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Trump Blasts Pinehurst No. 2; Players Disagree
Donald Trump may have to wait a bit longer than he expected to host a U.S. Open at one of the golf courses in his growing portfolio. The New York City developer and golf impresario sent out a number of tweets over the weekend complaining about the look of Pinehurst No. 2, site of this year's U.S. Open.
The famed Donald Ross-designed layout underwent a restoration overseen by architects Bill Coore and Ben Crenshaw that removed 40 acres of irrigated turf and brought back Ross's original sandy waste bunkers and wire grass.
As a result, No. 2 is not nearly as lush and green as in years past as it now plays more like an inland links, a characteristic fine-tuned by the USGA to get the course to play hard and fast for America's national golf championship.
The organization was successful in having No. 2 serve as a supreme test; only three players broke par in 72 holes, with Martin Kaymer running away with the championship and winning by eight strokes over Rickie Fowler and Erik Compton.
Trump's tweeted complaints stemmed from his disdain for the irregular green-and-brown look of No. 2 on television, and - in typical "The Donald" fashion - as a way to promote the courses owned by Trump Golf.
In his tweets, Trump called two of his courses - including the newly acquired Turnberry in Scotland and Trump National Doral in Miami - "far superior" to the revered Pinehurst property, which has hosted three U.S. Opens in the past 15 years. On Twitter, Trump wrote:
"Turnberry in Scotland is a far superior golf course to Pinehurst - and it isn't even close! Likewise the Blue Monster at Doral."
"Have you ever seen Trump National/Bedminster or Trump International Golf links in Scotland? Both far better than Pinehurst!"
"Built for golf. Not built for TV. That is true because it looks horrible on T.V. SAD!"
"I'd bet the horrible look of Pinehurst translates into poor television ratings. This is not what golf is about!"
In addition to bringing back Ross's design tenets for No. 2, the USGA requested the changes to eliminate irrigated areas and minimize water usage, using it as a showcase for how golf courses used to look before computerized irrigation systems helped make courses wall-to-wall green. The organization is on the vanguard of environmental and conservation initiatives in the golf industry.
The players praised the new look. Despite not accomplishing his goal of a career Grand Slam, five-time major winner Phil Mickelson enjoyed the revamped No. 2. "It was a fun week. It was - I just loved the golf course, the setup, how it played, how fair it was," said Mickelson, who finished at 7-over 287 on the par-70 layout.
"What surprised me is how pure and perfect the greens were. I thought with this heat, bentgrass, I just didn't think they would be as perfect as they are. They're just amazing. You get the ball on line and they go in every time just like Augusta, you know the last four or five feet if they're going in. They were just pristine."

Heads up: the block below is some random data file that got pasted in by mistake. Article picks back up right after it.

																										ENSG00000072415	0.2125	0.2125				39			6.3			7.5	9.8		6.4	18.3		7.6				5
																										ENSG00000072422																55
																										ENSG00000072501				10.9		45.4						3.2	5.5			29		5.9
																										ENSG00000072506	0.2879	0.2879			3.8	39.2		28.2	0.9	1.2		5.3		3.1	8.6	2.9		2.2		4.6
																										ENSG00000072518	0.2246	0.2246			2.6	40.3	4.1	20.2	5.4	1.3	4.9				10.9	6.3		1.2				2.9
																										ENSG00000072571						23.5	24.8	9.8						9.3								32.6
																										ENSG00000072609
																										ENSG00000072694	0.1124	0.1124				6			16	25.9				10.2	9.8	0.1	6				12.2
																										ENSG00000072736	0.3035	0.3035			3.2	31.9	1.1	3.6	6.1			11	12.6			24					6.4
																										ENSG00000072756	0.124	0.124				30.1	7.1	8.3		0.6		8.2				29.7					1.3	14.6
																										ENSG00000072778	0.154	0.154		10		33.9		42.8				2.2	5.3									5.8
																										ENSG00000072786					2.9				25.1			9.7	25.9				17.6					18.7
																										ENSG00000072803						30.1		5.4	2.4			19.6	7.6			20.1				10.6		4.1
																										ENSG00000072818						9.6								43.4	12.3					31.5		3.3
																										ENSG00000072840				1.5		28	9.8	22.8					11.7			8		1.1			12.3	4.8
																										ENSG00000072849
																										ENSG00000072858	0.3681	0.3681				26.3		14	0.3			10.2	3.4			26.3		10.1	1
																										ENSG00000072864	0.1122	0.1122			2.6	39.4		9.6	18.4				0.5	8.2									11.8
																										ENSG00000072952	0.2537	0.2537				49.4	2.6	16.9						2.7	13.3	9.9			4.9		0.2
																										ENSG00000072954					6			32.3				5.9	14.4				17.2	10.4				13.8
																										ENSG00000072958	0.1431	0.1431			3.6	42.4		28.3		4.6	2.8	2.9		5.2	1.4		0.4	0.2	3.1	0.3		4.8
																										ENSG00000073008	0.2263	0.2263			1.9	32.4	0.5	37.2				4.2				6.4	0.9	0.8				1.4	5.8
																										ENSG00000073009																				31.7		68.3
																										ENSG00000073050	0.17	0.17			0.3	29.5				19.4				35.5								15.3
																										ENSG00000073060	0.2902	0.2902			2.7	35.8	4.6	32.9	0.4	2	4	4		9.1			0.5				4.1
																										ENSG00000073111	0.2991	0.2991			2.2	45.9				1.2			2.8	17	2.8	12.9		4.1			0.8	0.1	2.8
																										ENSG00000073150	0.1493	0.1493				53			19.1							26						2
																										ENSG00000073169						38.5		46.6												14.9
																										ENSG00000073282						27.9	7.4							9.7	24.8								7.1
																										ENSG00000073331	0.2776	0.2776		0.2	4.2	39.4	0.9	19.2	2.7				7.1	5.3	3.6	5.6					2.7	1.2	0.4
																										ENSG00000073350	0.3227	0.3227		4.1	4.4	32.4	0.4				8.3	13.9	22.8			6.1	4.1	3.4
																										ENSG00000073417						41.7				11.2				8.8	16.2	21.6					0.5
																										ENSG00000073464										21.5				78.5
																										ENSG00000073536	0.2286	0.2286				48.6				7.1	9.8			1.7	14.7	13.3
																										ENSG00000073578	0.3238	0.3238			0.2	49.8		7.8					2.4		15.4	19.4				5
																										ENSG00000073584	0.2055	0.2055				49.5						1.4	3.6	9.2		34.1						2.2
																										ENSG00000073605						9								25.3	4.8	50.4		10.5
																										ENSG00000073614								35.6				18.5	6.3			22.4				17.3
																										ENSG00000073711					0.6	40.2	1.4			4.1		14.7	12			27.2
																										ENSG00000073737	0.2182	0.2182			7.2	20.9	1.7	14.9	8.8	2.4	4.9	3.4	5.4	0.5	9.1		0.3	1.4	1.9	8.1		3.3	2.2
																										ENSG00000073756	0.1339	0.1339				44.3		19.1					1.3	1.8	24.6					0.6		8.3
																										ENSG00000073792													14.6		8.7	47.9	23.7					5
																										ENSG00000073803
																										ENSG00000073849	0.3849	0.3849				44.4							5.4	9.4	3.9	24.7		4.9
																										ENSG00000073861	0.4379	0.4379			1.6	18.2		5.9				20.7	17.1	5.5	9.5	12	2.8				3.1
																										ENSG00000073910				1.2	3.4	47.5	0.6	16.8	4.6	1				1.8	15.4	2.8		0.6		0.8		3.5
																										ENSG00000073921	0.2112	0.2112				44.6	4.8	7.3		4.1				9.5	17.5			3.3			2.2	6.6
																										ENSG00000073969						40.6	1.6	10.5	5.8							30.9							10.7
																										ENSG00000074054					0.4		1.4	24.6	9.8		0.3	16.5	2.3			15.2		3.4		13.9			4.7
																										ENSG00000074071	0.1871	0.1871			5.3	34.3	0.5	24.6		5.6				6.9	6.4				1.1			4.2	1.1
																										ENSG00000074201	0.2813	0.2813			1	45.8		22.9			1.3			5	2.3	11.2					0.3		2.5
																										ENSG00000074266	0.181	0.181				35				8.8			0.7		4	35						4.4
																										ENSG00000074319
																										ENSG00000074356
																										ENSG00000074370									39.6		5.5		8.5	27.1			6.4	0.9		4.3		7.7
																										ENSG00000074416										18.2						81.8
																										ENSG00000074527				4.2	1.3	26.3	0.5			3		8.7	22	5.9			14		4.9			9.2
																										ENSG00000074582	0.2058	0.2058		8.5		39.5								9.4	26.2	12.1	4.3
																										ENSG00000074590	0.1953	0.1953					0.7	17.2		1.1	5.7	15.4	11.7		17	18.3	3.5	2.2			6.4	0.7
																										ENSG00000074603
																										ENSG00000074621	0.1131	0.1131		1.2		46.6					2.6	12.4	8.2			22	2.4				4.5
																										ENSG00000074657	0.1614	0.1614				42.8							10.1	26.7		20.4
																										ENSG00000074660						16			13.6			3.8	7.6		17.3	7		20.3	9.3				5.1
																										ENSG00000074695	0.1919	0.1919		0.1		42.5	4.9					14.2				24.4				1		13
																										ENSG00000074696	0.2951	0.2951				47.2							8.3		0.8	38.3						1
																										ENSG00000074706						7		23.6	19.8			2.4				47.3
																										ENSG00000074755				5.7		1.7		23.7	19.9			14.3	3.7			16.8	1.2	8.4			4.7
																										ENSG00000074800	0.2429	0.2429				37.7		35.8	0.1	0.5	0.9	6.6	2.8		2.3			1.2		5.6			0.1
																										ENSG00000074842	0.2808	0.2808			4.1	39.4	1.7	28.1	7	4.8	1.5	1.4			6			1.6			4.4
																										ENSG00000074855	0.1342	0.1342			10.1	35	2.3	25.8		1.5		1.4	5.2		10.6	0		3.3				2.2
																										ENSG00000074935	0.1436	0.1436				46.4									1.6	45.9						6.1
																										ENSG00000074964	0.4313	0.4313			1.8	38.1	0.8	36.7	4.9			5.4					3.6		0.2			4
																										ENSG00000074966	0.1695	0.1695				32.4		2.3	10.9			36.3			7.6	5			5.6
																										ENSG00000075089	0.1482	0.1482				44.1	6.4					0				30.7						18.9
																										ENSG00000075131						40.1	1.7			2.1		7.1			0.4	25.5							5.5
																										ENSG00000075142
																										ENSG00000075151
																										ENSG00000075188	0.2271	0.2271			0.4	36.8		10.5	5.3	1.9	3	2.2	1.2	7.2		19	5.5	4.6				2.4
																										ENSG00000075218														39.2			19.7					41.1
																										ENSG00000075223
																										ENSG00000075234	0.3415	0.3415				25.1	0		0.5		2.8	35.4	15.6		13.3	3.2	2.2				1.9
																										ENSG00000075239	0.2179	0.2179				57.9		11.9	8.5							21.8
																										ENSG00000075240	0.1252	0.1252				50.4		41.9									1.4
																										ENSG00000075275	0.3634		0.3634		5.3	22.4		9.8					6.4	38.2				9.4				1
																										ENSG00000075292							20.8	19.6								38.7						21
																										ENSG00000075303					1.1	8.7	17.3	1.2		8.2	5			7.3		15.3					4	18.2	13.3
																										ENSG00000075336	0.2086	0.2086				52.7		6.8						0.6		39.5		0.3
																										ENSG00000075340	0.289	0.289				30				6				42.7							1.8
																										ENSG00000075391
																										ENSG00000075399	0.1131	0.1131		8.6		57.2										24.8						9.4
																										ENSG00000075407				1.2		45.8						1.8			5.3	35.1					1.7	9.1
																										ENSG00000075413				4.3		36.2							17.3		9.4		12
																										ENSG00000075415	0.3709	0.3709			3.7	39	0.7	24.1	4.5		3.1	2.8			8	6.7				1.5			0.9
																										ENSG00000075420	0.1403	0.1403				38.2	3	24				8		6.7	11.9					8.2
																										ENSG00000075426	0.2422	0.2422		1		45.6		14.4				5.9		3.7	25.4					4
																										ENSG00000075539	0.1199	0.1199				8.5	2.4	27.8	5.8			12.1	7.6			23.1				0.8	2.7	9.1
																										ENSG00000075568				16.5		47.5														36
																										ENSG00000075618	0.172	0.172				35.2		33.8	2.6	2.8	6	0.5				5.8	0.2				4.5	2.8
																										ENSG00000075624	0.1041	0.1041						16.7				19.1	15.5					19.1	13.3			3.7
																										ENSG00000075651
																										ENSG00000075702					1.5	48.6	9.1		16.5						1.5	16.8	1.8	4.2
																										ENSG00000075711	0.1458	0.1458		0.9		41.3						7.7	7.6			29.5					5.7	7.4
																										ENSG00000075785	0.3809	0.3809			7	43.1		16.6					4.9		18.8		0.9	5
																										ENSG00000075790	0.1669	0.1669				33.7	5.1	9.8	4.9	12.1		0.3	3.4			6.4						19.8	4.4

No. 1-ranked Adam Scott said on Sunday that the opening of the fairways created a whole new alternative to traditional tree-lined, high-rough U.S. Open venues. "I said it last night at - I mean, it tests some skill level of the players and creativity of how much are you going to bite off out of that rough if you've got a bit of an ordinary lie, whereas when it's halfway up your leg and most of us can just chip it out sideways, I don't think that's a great test of skill."
The newly-crowned U.S. Open champion liked the various shot options around the Ross-created greens, which were not altered during the Coore-Crenshaw remodel. "I said to my caddie when we played the practice rounds, I like that you have a lot of options here," said Kaymer. "You can take a 3-wood or a rescue (club). You can chip with a lob wedge, gap wedge or you can putt it. Through any experience from the British Open, I've always done fairly well to putt off the green.
"And I think a bad putt like this is still better than a bad chip, especially with the runoffs. When you hit one fat, you are pretty much in the same spot again."
Kaymer added that variety in U.S. Open venues is important, and that it's up to the USGA to do its best to assure the players have a different arena each year. "We should go with how the golf course is supposed to play. Other U.S. Opens that I have played, it was pretty much the same," noted the 29-year-old, who won the PGA Championship in 2010.
"Your long holes, thick rough, very tight fairways. I think it depends on the golf course. Wherever you play, you should go with how the golf course is supposed to be played. And this week, when I said earlier in the week, reminded me a little bit of playing in Australia on links golf courses, or the British Open with good weather, great weather. I enjoyed the way it played, because that's the way it was supposed to be played."
If Trump has issues with Pinehurst No. 2, wait until the billionaire takes a gander at next year's U.S. Open venue. Chambers Bay near Tacoma, Wash., is a tawny-colored, all-fescue links course along the banks of Puget Sound. Its greens are massive, and the sand in its many green- and fairway-side bunkers is not pristine-white, but gray.
Scott expects Chambers Bay to provide a similar test to Pinehurst No. 2 in 2015. "Next year seems like it might be similar as well. It looks like quite natural landscape in the outer areas of that Chambers Bay from the photos," said the Aussie, who also lauded the USGA's work in North Carolina. "I think it was a great week. I think they prepared (Pinehurst No. 2) beautifully for us and it was a good, fair test. You had to play some pretty good golf to shoot a good score around here."